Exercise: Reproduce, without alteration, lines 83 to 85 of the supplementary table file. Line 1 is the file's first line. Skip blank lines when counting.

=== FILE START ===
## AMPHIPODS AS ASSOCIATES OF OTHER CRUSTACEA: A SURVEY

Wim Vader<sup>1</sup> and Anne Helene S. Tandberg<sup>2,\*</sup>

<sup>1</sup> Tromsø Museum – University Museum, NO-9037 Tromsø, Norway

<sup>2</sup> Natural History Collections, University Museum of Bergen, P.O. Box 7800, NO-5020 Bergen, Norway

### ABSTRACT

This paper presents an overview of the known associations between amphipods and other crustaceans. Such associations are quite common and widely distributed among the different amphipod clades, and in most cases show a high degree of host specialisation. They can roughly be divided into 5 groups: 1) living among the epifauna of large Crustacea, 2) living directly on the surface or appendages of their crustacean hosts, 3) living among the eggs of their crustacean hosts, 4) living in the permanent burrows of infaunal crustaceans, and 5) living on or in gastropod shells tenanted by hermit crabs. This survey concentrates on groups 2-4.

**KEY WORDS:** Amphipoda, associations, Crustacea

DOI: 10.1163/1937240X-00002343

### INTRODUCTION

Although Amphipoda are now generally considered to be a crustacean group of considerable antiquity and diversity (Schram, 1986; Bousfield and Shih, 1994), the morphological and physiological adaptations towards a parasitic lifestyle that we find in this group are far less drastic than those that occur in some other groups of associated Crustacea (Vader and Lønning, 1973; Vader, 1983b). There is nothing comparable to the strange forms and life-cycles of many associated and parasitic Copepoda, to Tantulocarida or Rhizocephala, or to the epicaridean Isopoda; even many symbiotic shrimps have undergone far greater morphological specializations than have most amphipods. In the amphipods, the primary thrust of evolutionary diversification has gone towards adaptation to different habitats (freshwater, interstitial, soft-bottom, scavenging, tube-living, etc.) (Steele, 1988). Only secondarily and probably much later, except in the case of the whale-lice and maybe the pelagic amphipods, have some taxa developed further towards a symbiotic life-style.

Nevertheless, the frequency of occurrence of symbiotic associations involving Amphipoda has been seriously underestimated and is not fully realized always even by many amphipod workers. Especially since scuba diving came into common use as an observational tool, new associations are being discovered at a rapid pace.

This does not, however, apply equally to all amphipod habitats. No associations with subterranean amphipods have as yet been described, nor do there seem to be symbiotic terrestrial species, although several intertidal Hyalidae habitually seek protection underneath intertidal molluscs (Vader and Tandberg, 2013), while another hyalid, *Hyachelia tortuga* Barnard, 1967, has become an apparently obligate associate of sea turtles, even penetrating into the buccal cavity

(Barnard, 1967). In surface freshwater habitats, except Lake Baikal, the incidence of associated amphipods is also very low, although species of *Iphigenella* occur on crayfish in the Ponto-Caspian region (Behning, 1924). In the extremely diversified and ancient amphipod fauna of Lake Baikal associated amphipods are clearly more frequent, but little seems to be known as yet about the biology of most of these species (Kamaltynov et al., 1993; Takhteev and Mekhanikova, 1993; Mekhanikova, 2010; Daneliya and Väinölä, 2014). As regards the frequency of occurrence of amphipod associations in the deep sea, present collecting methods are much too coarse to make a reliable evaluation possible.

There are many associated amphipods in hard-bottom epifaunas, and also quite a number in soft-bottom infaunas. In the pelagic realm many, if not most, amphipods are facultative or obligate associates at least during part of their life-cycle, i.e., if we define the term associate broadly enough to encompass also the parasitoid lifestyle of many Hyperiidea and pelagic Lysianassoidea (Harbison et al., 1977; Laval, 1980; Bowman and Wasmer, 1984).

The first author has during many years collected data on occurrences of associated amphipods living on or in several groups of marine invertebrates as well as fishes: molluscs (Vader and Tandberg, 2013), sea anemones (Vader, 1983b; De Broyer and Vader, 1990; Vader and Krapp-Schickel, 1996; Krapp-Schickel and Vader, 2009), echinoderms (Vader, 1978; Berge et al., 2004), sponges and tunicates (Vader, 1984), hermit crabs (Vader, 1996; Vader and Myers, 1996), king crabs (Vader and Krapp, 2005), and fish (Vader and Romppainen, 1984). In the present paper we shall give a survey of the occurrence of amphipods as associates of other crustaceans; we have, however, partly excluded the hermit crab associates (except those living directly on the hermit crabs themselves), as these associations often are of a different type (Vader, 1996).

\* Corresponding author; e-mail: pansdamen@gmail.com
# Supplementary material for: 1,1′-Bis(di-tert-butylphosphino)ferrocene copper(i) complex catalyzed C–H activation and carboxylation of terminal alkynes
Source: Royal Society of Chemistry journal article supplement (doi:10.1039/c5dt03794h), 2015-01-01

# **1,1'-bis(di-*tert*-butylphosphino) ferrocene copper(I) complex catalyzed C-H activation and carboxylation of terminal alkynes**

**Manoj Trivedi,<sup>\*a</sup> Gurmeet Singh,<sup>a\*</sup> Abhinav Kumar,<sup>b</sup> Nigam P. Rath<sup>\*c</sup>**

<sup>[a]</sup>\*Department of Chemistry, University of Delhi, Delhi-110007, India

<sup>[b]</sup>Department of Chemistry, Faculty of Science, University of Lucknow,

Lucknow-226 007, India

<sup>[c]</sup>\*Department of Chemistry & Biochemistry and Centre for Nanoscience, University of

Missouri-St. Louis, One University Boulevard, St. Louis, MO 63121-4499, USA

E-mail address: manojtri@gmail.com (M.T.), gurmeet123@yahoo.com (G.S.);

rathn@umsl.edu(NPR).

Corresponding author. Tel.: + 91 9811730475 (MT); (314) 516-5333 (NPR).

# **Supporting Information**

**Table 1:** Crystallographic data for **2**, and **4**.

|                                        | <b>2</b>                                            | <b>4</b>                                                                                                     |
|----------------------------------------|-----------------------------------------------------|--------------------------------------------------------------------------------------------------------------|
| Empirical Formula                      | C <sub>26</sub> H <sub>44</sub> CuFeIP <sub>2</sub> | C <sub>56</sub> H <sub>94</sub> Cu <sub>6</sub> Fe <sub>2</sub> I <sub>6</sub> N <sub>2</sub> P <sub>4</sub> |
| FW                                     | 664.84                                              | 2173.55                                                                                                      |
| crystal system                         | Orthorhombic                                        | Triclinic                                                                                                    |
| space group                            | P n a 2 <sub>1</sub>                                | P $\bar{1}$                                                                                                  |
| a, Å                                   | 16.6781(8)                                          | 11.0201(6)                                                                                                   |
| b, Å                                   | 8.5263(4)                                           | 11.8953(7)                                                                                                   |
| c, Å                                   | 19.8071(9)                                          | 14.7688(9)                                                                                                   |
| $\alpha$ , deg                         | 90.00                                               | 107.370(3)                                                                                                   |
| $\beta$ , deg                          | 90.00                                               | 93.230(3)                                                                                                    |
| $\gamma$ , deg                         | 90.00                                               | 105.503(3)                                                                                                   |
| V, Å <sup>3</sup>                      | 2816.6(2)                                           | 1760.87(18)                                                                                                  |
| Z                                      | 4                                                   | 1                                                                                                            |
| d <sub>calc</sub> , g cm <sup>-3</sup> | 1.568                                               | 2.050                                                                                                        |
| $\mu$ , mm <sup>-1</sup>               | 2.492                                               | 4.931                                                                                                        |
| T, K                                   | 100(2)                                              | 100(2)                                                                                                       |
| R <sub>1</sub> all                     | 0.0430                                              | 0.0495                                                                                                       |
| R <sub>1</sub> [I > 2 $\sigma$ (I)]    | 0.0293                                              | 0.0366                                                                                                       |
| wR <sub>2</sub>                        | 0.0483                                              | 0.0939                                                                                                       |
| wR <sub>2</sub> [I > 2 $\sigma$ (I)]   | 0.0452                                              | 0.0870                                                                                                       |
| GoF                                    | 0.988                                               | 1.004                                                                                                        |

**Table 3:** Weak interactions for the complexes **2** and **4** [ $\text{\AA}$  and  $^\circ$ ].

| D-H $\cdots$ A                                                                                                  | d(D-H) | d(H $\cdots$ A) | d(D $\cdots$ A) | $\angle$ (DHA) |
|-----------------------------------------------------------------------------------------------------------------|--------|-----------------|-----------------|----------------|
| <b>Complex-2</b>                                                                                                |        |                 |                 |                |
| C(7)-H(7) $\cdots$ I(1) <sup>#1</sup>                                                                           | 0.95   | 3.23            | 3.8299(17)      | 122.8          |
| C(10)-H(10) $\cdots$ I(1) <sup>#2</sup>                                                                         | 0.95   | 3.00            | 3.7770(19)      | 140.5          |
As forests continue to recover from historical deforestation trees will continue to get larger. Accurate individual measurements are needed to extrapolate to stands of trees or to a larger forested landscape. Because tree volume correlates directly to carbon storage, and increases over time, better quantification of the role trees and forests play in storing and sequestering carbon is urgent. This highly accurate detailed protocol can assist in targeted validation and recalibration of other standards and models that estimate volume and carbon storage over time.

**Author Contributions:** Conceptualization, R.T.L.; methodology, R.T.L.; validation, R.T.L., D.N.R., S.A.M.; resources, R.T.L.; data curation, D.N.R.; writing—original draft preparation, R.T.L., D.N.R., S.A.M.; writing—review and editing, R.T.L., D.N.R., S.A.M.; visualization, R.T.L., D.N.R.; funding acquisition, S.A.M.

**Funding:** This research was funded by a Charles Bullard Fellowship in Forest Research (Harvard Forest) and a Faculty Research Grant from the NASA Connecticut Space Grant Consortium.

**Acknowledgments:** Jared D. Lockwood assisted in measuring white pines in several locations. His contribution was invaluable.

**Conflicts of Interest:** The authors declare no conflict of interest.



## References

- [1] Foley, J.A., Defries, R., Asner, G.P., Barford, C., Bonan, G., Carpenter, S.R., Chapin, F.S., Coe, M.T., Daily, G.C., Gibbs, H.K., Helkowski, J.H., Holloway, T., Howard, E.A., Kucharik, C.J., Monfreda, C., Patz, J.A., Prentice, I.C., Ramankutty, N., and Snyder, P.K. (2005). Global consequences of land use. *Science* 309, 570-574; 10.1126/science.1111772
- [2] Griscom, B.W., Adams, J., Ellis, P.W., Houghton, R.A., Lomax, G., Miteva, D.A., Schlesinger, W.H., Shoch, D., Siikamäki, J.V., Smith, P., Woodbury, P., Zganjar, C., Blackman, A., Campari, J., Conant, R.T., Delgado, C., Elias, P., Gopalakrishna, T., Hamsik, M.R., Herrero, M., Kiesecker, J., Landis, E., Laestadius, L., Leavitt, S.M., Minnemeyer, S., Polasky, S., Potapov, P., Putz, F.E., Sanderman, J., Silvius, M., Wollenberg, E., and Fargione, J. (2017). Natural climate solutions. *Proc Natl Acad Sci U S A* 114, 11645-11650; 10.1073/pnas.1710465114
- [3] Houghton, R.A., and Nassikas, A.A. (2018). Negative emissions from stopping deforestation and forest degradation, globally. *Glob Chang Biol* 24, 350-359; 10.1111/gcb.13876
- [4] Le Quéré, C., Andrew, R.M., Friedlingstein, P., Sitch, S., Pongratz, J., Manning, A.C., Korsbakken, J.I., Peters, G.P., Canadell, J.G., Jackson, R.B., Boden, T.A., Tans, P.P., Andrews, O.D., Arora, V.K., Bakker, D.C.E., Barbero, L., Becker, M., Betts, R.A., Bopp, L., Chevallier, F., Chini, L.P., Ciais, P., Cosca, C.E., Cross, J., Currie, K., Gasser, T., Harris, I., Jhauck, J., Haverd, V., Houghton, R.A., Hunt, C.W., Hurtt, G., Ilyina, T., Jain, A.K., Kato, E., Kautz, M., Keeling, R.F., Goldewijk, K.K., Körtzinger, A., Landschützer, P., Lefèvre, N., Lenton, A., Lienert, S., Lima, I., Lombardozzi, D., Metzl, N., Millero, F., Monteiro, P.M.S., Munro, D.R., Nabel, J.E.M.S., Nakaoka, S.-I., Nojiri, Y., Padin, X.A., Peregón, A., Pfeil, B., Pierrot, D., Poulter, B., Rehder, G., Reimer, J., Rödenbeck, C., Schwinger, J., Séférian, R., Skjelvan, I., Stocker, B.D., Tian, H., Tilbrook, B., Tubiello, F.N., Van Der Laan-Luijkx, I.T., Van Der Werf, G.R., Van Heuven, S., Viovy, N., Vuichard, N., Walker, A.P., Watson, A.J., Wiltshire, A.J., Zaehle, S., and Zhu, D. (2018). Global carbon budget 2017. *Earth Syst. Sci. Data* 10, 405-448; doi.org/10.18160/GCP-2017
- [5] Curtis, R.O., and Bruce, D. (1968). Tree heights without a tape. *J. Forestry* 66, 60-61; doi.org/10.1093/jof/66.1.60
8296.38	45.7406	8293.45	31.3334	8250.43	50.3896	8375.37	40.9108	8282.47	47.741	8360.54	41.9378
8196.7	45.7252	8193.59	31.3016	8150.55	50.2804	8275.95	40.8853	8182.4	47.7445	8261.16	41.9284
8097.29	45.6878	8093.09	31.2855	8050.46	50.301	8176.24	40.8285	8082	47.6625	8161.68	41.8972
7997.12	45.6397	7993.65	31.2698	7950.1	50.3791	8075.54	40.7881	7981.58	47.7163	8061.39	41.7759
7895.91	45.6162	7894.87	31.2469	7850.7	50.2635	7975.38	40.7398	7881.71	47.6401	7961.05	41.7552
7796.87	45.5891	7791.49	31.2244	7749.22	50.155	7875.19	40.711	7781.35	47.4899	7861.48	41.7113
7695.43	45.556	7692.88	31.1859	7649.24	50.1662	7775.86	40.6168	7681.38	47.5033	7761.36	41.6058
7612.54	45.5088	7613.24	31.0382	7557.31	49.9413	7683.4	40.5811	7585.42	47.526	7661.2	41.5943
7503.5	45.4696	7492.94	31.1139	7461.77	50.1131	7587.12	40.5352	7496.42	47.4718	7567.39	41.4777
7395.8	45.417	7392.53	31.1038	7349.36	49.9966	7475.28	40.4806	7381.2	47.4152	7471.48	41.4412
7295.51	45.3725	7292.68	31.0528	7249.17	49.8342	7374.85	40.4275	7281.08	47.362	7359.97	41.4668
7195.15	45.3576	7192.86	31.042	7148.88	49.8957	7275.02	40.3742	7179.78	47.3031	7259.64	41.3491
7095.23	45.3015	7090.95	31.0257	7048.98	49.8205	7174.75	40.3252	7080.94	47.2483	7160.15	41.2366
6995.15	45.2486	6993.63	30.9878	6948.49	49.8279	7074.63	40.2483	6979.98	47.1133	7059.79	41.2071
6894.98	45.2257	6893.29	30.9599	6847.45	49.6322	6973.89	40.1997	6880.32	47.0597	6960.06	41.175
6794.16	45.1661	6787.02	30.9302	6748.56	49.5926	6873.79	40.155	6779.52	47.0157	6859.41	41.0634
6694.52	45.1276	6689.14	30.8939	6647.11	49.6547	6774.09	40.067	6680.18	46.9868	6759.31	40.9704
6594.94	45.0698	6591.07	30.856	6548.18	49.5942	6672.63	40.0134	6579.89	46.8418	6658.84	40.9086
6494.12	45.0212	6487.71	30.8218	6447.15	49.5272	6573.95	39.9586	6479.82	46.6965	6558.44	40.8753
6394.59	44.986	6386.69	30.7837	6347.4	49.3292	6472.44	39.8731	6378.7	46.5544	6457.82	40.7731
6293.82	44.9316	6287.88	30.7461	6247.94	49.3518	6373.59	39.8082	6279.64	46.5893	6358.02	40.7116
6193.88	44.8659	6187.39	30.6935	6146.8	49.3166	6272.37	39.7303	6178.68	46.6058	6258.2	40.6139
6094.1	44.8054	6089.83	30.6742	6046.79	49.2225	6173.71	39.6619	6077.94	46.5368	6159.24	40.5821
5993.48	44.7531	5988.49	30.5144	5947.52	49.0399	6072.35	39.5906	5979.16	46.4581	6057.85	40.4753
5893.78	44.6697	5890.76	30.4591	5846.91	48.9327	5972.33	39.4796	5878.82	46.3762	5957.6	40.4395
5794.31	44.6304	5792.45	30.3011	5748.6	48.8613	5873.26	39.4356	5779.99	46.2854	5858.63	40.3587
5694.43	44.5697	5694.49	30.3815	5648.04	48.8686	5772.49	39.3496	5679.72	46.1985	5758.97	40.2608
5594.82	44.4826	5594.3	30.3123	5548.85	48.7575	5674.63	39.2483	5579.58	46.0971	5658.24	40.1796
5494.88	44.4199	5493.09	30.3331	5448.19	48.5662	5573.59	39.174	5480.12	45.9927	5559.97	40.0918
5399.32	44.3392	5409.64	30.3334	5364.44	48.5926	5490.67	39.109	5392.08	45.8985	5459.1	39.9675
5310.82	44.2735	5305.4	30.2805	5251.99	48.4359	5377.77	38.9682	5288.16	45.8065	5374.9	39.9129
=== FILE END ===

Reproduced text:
6995.15	45.2486	6993.63	30.9878	6948.49	49.8279	7074.63	40.2483	6979.98	47.1133	7059.79	41.2071
6894.98	45.2257	6893.29	30.9599	6847.45	49.6322	6973.89	40.1997	6880.32	47.0597	6960.06	41.175
6794.16	45.1661	6787.02	30.9302	6748.56	49.5926	6873.79	40.155	6779.52	47.0157	6859.41	41.0634